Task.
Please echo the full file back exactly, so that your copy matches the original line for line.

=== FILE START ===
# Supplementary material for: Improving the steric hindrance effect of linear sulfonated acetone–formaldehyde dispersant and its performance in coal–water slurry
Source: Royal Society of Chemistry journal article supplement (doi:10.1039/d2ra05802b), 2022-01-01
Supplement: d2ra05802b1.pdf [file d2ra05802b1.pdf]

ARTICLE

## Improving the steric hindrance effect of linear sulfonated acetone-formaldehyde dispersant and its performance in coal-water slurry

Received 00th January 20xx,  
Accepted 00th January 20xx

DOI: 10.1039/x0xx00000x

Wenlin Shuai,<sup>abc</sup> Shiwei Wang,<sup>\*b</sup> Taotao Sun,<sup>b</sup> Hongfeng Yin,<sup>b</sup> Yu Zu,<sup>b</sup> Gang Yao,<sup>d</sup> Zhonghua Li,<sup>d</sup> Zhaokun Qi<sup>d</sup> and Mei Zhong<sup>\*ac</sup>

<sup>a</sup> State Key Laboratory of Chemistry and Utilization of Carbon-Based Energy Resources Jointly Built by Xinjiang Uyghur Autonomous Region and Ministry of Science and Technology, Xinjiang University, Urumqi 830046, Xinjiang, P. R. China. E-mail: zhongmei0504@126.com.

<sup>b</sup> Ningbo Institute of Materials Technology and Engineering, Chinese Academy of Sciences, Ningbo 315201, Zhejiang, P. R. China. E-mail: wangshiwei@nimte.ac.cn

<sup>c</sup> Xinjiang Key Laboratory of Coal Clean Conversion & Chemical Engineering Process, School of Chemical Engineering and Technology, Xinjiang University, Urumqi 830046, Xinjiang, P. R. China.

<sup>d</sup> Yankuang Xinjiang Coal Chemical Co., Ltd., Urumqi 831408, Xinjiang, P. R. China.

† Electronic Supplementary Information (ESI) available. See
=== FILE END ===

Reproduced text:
# Supplementary material for: Improving the steric hindrance effect of linear sulfonated acetone–formaldehyde dispersant and its performance in coal–water slurry
Source: Royal Society of Chemistry journal article supplement (doi:10.1039/d2ra05802b), 2022-01-01
Supplement: d2ra05802b1.pdf [file d2ra05802b1.pdf]

ARTICLE

## Improving the steric hindrance effect of linear sulfonated acetone-formaldehyde dispersant and its performance in coal-water slurry

Received 00th January 20xx,  
Accepted 00th January 20xx

DOI: 10.1039/x0xx00000x

Wenlin Shuai,<sup>abc</sup> Shiwei Wang,<sup>\*b</sup> Taotao Sun,<sup>b</sup> Hongfeng Yin,<sup>b</sup> Yu Zu,<sup>b</sup> Gang Yao,<sup>d</sup> Zhonghua Li,<sup>d</sup> Zhaokun Qi<sup>d</sup> and Mei Zhong<sup>\*ac</sup>

<sup>a</sup> State Key Laboratory of Chemistry and Utilization of Carbon-Based Energy Resources Jointly Built by Xinjiang Uyghur Autonomous Region and Ministry of Science and Technology, Xinjiang University, Urumqi 830046, Xinjiang, P. R. China. E-mail: zhongmei0504@126.com.

<sup>b</sup> Ningbo Institute of Materials Technology and Engineering, Chinese Academy of Sciences, Ningbo 315201, Zhejiang, P. R. China. E-mail: wangshiwei@nimte.ac.cn

<sup>c</sup> Xinjiang Key Laboratory of Coal Clean Conversion & Chemical Engineering Process, School of Chemical Engineering and Technology, Xinjiang University, Urumqi 830046, Xinjiang, P. R. China.

<sup>d</sup> Yankuang Xinjiang Coal Chemical Co., Ltd., Urumqi 831408, Xinjiang, P. R. China.

† Electronic Supplementary Information (ESI) available. See